Peter Stone

Peter H. Stone is a staff correspondent for the National Journal.

Recent Articles

Plan to Lose Money

The Great 401(k) Hoax: Why Your Family's Financial Security Is at Risk, and What You Can Do About It By William Wolman and Anne Colamosca. Perseus Publishing, 246 pages, $26.00 Since the Enron corporation imploded, Americans have gotten quite an education in the corporate chicanery, accounting gimmickry, Wall Street scams, and feckless regulation that helped sustain the roaring 1990s stock market. But there are still more lessons to be learned about the direct effects of the stock bubble on ordinary employees. The savings of thousands of Enron employees were wiped out by the company's collapse because employees' 401(k) plans were filled up with Enron stock. An obvious question, then, is: Just what impact did the 1990s financial excesses have on the lives of those millions of workers whose retirement plans have recently come to hinge on the popular but controversial savings account known as the 401(k)? In The Great 401(k) Hoax , former BusinessWeek staffers William Wolman and Anne...

Lethal Weapons

For gun control advocates, last fall's election results demonstrated the Sisyphean nature of battling the National Rifle Association. Senator John Ashcroft of Missouri was one of five NRA allies in Congress who was voted out, in part because of organized efforts by activist groups such as Handgun Control. But with George W. Bush in the White House, Ashcroft rose again and now, as attorney general, appears to be in a stronger position than ever to help the NRA. And Congress, meanwhile, seems entirely cowed by the NRA's clout. Consider the mild reaction to shootings at two San Diego schools in March. Congressional Democrats, who have become increasingly quiescent on gun issues, showed little interest in pursuing new gun curbs. Even such longtime gun control supporters as New York Senator Charles Schumer were speaking not of tougher laws but of voluntary measures. Further, the minimal step of requiring unlicensed dealers at gun shows to make thorough background checks is stalled in...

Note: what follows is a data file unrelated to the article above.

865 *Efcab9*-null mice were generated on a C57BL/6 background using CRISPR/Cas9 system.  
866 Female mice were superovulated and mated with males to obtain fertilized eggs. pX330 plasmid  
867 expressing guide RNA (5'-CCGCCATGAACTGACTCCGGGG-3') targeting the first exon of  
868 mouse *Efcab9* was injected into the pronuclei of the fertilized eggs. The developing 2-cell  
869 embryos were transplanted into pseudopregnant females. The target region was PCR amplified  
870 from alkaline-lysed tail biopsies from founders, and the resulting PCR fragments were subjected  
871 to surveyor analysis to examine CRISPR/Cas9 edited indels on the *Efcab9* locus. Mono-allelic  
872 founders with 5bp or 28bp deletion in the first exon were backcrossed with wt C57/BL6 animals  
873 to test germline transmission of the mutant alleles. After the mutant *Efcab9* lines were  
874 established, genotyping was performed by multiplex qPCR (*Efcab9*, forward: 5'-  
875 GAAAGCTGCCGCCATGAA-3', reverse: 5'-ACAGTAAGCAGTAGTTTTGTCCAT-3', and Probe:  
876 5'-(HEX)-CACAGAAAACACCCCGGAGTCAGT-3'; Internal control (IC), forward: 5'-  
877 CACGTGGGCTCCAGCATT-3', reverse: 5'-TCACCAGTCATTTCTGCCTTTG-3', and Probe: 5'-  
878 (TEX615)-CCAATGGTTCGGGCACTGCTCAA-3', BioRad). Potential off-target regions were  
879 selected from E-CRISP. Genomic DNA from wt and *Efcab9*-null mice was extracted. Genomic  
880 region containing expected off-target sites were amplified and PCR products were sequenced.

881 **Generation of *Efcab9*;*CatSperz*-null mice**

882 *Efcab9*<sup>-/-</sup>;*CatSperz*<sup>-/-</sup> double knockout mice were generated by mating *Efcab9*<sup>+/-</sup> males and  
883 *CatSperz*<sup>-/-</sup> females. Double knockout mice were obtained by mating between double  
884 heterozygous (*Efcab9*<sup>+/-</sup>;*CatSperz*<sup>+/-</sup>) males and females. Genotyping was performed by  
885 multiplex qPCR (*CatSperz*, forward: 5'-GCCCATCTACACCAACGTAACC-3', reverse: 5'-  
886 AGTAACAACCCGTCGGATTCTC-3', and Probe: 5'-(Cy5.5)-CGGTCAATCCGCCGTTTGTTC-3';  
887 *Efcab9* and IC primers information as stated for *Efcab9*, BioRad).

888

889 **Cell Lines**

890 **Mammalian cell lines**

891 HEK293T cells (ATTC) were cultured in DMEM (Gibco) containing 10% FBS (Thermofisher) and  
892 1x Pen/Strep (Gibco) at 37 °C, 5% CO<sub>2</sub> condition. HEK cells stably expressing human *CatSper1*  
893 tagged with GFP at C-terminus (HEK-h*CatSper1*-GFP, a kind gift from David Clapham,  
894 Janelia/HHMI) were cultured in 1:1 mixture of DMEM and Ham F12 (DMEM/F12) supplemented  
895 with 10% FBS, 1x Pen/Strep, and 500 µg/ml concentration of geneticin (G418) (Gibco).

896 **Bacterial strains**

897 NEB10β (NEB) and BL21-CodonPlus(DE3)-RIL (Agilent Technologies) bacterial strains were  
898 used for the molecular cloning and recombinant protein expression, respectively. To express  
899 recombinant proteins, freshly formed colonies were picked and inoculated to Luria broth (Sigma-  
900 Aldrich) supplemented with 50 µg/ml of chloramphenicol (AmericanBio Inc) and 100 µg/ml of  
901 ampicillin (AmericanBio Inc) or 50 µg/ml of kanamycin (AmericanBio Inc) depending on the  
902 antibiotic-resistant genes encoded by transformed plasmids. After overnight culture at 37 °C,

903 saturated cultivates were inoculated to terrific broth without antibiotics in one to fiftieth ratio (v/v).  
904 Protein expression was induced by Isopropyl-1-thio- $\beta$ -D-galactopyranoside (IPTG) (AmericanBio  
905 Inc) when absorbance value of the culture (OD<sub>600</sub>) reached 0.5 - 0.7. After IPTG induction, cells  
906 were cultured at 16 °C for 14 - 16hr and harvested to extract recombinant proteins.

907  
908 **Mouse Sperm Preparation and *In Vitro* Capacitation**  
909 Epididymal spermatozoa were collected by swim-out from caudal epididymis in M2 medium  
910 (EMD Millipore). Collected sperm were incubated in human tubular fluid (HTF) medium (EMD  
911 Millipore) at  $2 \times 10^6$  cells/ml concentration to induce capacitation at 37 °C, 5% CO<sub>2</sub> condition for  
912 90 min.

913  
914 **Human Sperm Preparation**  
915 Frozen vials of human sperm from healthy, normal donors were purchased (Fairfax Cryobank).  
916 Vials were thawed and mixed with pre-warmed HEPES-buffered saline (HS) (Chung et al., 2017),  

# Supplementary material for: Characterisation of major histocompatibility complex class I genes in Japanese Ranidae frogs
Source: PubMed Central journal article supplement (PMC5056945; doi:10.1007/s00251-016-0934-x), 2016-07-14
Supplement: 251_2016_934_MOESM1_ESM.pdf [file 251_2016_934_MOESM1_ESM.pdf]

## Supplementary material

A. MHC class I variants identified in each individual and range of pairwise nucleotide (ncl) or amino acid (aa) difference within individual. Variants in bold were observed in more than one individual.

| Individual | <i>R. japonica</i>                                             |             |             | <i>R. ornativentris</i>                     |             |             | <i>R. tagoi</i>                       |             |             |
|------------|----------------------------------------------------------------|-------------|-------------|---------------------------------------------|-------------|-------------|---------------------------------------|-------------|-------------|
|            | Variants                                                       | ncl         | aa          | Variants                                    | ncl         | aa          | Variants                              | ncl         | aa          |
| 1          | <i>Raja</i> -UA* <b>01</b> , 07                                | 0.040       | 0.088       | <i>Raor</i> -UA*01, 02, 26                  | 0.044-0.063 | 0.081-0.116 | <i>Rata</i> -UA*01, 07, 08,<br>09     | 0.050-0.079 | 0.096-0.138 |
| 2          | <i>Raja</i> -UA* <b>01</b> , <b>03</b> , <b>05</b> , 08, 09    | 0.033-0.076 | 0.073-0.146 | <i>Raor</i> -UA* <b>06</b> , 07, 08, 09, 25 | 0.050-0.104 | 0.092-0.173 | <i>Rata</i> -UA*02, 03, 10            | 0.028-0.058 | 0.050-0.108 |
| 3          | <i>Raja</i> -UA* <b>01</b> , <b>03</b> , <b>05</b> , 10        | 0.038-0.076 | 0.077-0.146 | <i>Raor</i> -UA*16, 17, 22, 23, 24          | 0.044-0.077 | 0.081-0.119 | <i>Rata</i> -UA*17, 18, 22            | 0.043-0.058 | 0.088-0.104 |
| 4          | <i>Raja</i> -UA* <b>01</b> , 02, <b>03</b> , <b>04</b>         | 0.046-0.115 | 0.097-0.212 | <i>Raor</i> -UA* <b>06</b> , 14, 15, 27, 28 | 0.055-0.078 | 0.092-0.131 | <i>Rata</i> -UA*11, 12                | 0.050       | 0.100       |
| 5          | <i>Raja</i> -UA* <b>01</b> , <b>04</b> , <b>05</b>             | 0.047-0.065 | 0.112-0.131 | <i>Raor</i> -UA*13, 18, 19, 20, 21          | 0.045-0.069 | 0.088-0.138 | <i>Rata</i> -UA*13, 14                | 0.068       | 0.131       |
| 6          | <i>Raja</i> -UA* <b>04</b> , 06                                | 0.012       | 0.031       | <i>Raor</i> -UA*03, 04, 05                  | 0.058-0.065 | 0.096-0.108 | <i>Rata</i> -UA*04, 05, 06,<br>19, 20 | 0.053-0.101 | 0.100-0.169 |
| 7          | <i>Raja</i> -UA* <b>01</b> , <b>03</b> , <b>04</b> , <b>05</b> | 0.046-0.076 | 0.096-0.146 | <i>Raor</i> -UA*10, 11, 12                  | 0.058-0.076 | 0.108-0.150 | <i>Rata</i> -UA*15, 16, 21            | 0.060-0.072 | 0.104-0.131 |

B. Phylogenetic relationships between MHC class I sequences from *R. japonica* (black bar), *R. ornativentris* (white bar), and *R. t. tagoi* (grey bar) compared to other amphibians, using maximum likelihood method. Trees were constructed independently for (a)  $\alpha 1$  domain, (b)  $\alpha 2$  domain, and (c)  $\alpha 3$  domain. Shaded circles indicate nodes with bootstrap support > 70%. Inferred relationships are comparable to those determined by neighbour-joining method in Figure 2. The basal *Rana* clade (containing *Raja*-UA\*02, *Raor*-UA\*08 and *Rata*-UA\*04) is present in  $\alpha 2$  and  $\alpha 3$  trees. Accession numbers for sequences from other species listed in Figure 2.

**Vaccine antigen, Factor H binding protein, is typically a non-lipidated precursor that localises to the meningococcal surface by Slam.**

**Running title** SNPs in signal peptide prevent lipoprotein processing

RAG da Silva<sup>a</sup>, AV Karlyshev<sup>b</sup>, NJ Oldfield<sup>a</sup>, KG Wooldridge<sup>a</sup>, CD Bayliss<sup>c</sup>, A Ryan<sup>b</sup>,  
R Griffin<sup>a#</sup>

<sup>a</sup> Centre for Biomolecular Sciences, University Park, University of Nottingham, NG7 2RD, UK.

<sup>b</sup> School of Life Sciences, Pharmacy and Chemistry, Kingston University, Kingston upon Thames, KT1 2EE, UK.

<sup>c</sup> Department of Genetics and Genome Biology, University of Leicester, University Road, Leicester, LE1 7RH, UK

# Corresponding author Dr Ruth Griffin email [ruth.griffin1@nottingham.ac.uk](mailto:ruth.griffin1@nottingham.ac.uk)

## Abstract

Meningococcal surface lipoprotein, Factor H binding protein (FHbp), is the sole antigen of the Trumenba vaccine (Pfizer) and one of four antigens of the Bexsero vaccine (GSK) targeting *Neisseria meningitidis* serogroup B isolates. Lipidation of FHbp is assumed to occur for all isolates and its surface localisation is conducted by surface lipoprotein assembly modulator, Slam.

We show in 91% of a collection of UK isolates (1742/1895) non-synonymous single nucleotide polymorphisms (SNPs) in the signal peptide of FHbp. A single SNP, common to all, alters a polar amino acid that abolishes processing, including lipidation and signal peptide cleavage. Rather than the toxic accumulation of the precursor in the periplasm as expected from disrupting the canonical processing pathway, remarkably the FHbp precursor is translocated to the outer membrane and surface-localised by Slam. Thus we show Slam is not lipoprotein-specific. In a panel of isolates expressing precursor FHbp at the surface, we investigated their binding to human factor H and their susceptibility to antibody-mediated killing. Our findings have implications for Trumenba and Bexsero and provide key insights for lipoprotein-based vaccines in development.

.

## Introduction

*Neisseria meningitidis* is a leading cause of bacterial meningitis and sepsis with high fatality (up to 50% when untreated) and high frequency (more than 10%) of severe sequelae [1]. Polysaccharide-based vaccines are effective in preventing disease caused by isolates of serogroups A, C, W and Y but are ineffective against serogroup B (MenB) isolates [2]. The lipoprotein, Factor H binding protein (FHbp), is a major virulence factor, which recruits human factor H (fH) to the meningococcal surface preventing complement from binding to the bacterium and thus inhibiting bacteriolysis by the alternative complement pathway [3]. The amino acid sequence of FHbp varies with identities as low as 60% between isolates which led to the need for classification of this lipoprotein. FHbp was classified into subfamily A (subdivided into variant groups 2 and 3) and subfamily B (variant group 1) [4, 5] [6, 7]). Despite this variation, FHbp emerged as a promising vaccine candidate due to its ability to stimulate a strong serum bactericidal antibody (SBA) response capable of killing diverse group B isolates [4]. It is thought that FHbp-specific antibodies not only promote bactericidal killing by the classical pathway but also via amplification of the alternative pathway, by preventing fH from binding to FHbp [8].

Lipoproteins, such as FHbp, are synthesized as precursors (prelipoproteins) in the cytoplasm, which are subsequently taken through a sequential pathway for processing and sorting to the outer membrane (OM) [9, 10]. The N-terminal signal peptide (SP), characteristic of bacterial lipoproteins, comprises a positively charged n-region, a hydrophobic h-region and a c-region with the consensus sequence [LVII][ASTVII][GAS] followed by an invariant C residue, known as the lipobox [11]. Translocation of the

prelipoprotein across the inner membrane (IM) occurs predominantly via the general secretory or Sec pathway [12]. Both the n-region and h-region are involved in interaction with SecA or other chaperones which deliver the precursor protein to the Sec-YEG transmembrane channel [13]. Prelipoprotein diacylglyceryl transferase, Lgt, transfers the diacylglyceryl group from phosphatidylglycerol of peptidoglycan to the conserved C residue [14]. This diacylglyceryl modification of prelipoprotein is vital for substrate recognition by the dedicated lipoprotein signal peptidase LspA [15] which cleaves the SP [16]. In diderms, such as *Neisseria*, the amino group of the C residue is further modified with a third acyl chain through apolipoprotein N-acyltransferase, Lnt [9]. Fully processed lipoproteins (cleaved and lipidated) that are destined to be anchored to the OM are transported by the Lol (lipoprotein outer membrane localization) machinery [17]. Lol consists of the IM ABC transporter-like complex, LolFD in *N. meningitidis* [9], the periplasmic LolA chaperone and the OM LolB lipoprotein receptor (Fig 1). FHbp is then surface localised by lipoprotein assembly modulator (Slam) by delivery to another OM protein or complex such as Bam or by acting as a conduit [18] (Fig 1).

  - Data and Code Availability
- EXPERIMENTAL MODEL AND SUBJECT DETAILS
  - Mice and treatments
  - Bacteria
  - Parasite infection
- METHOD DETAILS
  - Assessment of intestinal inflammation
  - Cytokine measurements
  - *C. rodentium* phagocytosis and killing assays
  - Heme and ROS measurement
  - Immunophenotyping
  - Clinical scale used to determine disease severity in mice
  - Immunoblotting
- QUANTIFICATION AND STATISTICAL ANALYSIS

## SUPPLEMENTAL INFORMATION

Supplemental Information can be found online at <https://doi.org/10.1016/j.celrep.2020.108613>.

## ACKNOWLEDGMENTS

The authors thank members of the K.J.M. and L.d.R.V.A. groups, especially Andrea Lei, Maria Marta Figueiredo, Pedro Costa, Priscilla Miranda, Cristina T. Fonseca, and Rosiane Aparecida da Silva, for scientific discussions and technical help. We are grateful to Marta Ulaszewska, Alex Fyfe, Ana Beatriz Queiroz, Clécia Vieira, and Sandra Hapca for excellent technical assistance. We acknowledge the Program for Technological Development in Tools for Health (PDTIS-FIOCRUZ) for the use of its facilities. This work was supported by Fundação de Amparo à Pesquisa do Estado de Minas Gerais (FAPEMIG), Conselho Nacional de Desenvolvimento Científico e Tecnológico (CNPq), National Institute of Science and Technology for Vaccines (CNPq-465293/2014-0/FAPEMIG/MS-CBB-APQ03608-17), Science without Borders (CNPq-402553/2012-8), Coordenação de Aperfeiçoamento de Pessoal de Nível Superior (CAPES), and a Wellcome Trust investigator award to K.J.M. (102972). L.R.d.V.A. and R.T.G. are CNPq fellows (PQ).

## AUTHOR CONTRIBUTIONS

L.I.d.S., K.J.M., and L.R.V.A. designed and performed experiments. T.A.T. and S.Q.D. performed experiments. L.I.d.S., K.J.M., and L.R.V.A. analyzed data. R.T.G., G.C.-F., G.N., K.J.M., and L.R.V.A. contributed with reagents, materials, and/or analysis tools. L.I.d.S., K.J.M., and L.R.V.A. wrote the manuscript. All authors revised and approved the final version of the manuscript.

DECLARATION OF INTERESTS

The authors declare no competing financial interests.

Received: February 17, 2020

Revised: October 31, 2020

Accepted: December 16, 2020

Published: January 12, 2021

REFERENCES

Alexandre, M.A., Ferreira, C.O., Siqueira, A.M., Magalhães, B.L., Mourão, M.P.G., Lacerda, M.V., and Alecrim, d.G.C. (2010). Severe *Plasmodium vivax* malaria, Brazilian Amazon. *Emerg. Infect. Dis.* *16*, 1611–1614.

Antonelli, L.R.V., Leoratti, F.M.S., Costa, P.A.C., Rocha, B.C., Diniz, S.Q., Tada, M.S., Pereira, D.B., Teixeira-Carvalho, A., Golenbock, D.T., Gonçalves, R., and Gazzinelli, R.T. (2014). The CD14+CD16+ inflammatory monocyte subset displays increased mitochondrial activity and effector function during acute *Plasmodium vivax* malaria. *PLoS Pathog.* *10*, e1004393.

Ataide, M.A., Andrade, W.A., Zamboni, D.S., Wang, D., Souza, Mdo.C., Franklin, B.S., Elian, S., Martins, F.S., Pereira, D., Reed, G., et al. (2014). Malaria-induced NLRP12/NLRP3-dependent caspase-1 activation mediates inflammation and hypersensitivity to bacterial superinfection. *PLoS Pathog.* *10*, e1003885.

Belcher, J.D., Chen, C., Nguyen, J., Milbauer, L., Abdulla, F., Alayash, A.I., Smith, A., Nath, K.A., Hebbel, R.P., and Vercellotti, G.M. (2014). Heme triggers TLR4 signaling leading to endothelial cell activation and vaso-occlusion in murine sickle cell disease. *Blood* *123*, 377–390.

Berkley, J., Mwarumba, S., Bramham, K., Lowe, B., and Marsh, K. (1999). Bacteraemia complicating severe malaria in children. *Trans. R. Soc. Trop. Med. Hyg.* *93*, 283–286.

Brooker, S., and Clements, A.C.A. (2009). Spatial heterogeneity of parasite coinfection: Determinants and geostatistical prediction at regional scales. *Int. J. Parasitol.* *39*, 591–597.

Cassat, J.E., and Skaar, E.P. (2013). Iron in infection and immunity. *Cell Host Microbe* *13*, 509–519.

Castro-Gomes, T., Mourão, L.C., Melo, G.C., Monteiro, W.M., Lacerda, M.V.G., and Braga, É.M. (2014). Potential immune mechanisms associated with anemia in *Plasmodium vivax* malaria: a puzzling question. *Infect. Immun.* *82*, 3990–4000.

The Faster Track: Should We Build a High-Speed Rail System?

A solution to traffic jams breaks the investment jam.

I n 1966, James Powell and Gordon Danby, two scientists at Brookhaven National Laboratory, demonstrated the potential of using magnetic forces to lift, propel, and guide a wheelless vehicle with the capacity for much greater speeds than conventional trains. Federal funding for maglev, or magnetic levitation trains, followed for several years. But in 1975 all government support ceased because of a decision that America's highways, airways, and much reduced conventional trains were adequate to meet the nation's transportation needs. However, Japanese and German scientists and their governments not only invested in faster conventional trains. They also saw the tremendous potential of maglev trains to cut travel time and save energy. To date, both governments have provided about a billion dollars to develop commercial prototypes that float along guideways at speeds approaching 300 miles per hour. In many respects, the story of how Japan and Germany are racing to capitalize on yet another...